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No Holds Barred : Negativity in United States Senate Campaigns (04 Edition)by Kim Fridkin Kahn
In the world of wrestling, a "no-holds-barred" fight is one in which few, if any, restrictions govern the strategies and tactics used by combatants to subdue opponents. It is nearly impossible to identify the original no-holds-barred contest. However, in 648 B.C., an athletic contest combining boxing and wrestling was introduced in the Olympics. In this contest, called the pancratirum, no holds were barred except biting and gouging (i.e., contestants could not thrust a finger or thumb into an opponent's eye).
No-holds-barred contests have survived for centuries. During medieval times, no-holds-barred folk football became popular. Although extremely wild and violent, the game survived well into the nineteenth century in France and Britain, where Renaissance humanist Sir Thomas Elyot condemned the game because it was more likely to injure than to benefit participants.
No-holds-barred contests live today. Known colloquially as "ultimate fighting," contests are a combination of wrestling and boxing in which the only holds barred are biting, gouging, and punching the groin. Winners are declared when opponents either are "knocked out" or "submit" by tapping either the mat or the aggressor. Ultimate fighting is a worldwide phenomenon, generally governed by sports organizations, but sometimes not.
We consider many political campaigns to be no-holds-barred contests. In these races, there are few restrictions on the content of the campaign messages. It is not unusual for campaign messages to examine candidates' personal lives, including extra-marital affairs, prior drug use, and antiwar activities from an earlier era. Campaigns often delve into present and past financial affairs of the candidates and their families. It is difficult to imagine topics that are "barred" from discussion and debate.
Beyond the content of campaign messages, there appear to be few restrictions on the tenor of messages in no-holds-barred contests. Candidates or surrogates, in advertisements or press releases, accuse opponents of lying, stealing, or cheating. The candidates' language, although not profane, is often accusatory, inflammatory, hyperbolic, and ad hominem. Face-to-face exchanges during debates—on television or radio—are often shrill and can be unruly and derogatory.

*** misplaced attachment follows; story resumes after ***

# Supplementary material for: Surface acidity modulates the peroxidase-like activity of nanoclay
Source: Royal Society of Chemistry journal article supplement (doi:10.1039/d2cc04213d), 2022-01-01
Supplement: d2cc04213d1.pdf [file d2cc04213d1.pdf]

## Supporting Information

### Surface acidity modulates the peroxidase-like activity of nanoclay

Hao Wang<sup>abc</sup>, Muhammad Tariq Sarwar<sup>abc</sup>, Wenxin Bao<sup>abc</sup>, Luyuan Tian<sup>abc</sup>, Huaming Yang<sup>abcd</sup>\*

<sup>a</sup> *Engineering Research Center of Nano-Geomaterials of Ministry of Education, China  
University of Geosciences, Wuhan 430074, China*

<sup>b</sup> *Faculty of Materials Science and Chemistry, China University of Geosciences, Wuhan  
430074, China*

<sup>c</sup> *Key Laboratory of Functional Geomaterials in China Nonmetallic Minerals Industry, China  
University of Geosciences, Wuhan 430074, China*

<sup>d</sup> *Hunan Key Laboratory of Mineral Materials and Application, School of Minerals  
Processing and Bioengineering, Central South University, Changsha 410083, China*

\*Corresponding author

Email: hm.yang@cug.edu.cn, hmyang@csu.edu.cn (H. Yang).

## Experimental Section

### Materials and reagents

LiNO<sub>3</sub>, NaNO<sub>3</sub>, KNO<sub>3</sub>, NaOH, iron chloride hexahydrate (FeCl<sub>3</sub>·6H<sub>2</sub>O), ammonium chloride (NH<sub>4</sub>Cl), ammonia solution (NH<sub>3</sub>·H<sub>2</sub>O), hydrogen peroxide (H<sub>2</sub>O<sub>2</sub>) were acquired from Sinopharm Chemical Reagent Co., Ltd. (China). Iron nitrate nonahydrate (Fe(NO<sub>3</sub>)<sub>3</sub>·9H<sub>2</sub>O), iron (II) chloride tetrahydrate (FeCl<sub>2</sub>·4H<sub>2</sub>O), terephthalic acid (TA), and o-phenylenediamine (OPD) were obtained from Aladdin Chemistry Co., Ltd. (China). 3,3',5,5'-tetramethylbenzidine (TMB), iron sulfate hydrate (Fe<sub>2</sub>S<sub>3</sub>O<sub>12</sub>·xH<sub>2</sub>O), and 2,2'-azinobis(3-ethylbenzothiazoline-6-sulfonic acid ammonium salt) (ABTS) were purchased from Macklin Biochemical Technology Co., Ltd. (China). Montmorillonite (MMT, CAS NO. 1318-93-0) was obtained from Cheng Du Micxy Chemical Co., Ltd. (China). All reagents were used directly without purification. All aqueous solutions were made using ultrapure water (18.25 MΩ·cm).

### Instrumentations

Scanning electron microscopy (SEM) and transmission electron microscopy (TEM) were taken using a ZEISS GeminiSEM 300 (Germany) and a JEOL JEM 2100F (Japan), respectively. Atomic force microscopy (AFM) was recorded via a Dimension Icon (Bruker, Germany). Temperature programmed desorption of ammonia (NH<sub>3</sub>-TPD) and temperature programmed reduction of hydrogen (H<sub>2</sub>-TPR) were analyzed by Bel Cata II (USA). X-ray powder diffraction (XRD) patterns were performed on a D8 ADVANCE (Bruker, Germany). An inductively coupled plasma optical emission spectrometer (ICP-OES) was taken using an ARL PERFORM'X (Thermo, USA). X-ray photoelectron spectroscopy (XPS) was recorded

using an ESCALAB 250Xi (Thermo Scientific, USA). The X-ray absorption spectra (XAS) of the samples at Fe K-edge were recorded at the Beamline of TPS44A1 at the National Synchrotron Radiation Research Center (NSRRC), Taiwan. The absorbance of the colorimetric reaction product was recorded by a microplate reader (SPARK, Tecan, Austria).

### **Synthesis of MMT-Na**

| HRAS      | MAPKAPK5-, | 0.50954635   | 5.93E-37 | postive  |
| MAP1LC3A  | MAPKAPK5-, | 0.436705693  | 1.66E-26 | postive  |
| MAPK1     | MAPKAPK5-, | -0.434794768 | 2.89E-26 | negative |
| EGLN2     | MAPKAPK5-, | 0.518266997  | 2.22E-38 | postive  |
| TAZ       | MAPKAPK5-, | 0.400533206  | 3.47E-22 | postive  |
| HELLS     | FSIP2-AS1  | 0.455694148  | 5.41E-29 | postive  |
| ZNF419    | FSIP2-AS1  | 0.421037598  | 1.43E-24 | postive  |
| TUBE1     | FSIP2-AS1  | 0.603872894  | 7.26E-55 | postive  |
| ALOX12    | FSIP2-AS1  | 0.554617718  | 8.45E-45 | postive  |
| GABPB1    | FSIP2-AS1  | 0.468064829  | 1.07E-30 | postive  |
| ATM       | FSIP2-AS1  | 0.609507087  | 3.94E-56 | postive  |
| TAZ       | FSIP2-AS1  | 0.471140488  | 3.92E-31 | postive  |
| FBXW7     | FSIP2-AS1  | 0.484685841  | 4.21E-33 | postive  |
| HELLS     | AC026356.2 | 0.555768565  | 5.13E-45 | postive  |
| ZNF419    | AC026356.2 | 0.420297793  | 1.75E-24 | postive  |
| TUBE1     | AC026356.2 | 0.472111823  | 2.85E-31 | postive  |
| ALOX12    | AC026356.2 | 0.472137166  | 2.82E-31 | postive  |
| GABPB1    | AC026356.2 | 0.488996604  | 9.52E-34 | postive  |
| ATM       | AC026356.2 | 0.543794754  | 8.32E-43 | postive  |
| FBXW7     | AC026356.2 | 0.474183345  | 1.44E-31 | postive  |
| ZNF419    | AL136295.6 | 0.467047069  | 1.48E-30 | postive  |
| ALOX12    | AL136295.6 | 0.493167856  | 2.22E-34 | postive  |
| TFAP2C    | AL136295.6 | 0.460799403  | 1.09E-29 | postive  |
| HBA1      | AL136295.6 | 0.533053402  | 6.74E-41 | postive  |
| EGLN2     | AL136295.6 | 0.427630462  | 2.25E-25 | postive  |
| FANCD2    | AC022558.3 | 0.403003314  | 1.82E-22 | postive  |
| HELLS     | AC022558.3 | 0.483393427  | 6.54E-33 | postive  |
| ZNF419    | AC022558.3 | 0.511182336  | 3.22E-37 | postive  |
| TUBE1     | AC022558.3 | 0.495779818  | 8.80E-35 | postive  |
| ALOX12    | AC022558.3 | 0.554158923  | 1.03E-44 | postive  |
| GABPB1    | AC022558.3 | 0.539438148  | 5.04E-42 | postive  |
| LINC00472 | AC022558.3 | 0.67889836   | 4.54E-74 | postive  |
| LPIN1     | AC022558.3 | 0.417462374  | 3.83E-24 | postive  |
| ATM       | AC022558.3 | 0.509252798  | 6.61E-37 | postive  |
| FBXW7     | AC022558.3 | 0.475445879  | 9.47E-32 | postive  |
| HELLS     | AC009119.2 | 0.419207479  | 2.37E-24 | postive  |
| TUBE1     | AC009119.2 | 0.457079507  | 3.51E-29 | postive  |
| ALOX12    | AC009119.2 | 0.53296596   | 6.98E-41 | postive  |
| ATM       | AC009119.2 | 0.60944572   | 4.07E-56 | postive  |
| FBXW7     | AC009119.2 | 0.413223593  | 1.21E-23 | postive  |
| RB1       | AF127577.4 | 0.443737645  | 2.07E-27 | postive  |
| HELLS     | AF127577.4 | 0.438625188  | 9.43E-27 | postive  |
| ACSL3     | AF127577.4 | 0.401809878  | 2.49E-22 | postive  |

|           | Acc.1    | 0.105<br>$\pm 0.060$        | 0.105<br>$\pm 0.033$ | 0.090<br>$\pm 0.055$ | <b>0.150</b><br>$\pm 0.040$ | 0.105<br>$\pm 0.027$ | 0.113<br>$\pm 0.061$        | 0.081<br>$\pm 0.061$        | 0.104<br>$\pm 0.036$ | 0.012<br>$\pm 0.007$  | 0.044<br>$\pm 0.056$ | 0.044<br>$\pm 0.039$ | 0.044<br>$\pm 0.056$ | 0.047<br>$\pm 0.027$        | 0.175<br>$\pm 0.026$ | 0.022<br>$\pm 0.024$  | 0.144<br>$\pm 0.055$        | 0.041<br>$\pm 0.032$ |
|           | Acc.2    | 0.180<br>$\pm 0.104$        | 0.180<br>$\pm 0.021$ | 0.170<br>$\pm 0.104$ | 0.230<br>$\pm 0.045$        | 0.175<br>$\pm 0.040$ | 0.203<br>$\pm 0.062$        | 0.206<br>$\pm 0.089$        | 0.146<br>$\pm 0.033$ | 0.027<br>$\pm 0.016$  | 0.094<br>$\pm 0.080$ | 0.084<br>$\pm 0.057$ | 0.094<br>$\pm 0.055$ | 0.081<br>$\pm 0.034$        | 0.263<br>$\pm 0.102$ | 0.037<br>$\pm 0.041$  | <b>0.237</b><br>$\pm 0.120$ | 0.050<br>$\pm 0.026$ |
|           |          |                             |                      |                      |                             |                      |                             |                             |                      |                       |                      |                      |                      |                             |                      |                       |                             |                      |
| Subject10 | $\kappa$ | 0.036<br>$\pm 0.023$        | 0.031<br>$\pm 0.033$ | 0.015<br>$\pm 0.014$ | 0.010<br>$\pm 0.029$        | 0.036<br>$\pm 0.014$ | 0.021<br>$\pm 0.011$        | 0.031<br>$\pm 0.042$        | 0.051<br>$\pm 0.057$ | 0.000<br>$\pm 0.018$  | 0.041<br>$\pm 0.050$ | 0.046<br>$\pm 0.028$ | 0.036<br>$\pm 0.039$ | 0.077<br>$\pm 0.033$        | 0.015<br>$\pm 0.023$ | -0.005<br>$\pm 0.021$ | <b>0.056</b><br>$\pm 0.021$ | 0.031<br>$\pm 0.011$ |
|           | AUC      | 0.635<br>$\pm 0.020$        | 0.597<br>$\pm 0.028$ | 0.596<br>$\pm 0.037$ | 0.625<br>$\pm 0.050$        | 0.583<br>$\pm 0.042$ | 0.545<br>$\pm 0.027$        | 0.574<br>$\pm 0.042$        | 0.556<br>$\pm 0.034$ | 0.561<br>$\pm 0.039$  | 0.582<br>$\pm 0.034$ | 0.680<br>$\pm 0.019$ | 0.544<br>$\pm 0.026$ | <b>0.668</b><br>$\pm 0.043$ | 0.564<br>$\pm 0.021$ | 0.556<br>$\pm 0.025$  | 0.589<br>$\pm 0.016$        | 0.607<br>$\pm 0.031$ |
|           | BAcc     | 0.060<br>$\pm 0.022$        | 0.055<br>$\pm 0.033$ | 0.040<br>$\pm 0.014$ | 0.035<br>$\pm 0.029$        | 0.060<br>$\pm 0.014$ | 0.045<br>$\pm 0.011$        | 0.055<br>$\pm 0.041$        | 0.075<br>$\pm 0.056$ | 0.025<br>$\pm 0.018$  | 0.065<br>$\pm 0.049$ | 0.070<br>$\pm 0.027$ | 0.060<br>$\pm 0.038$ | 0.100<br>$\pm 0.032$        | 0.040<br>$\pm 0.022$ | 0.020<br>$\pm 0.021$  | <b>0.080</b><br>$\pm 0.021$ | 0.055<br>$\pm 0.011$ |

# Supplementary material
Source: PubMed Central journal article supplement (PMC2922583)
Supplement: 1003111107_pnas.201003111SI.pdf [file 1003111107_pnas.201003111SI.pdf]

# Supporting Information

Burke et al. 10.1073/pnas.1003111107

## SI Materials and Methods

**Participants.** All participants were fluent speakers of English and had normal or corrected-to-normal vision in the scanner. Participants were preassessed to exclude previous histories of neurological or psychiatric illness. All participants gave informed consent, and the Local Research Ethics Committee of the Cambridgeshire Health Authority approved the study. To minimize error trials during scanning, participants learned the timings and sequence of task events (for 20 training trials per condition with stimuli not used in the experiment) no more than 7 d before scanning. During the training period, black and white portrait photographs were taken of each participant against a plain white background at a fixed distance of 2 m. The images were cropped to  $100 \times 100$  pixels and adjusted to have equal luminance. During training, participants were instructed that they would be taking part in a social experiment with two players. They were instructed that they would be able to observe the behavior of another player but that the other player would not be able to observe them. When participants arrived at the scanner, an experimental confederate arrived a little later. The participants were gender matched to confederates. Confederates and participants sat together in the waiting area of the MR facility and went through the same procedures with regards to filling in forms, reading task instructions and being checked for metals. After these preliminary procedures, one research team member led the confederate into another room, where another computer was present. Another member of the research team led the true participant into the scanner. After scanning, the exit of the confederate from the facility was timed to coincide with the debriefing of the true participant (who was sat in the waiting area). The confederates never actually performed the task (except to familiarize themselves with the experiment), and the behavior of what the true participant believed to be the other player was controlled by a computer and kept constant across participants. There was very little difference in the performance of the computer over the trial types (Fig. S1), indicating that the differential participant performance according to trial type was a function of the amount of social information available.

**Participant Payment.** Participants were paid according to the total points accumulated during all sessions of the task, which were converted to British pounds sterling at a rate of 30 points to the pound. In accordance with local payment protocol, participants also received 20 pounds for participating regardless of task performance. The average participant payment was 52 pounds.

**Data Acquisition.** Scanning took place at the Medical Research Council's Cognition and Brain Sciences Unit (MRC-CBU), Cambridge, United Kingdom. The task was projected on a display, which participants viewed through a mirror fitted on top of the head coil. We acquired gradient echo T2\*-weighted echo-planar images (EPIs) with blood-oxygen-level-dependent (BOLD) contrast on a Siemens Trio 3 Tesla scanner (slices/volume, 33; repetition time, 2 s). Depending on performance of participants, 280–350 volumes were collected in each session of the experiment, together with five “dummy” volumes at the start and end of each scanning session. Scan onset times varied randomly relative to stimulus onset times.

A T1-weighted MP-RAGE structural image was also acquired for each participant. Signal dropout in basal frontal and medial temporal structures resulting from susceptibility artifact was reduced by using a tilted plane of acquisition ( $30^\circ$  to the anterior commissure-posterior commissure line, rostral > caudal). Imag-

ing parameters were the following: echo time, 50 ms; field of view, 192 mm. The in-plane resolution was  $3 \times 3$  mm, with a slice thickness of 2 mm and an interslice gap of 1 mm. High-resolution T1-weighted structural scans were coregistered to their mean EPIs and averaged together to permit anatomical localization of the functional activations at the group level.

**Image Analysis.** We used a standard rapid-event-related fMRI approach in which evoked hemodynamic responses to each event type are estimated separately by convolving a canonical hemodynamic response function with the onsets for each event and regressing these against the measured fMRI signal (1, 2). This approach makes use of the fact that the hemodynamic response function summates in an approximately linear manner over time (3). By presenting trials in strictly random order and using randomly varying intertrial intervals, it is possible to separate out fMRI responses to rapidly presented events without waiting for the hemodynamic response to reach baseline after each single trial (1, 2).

Approximately 40 percent of senatorial campaigns in the United States are hard-hitting contests in which, at times, virtually no holds are barred. The remaining 60 percent are low-key affairs in which incumbents hold commanding leads over inexperienced, unskilled, poorly financed challengers. Senate campaigns, then, vary from vigorous and mean-spirited contests to boring and polite blowouts. These extreme differences in the campaign climate dramatically influence the press reporting of the campaigns and the actions and attitudes of citizens.
In No Holds Barred, we explore the conditions that promote negative campaigning among candidates. We also examine how the tone of candidates' campaigns influences how reporters cover campaigns. Finally, we investigate how the negative information disseminated by the candidates and the press influences citizens' beliefs and behaviors. Fundamentally, we investigate how people react to no-holds-barred contests compared to mundane contests lacking any negative campaigning.
We had fun writing this book. We thank Paul Herrnson, the series editor. Paul was immediately interested in the topic. He encouraged us at each step of the process and he read and commented on every chapter. Paul was a joy to work with. We are pleased to be associated with Prentice Hall, and we are grateful to the nice people at Prentice Hall. Heather Shelstad, who was the Senior Acquisitions Editor for political science when our manuscript went into production, was very supportive of the book from its inception. Jessica Drew, Heather's editorial assistant, answered all of our questions quickly, completely, and with good cheer. Finally, we would like to thank Stacy Gordon of the University of Nevada and Robert A. Taylor of the Florida Institute of Technology for reviewing the manuscript and offering helpful suggestions.
Kim Fridkin Kahn
Patrick J. Kenney
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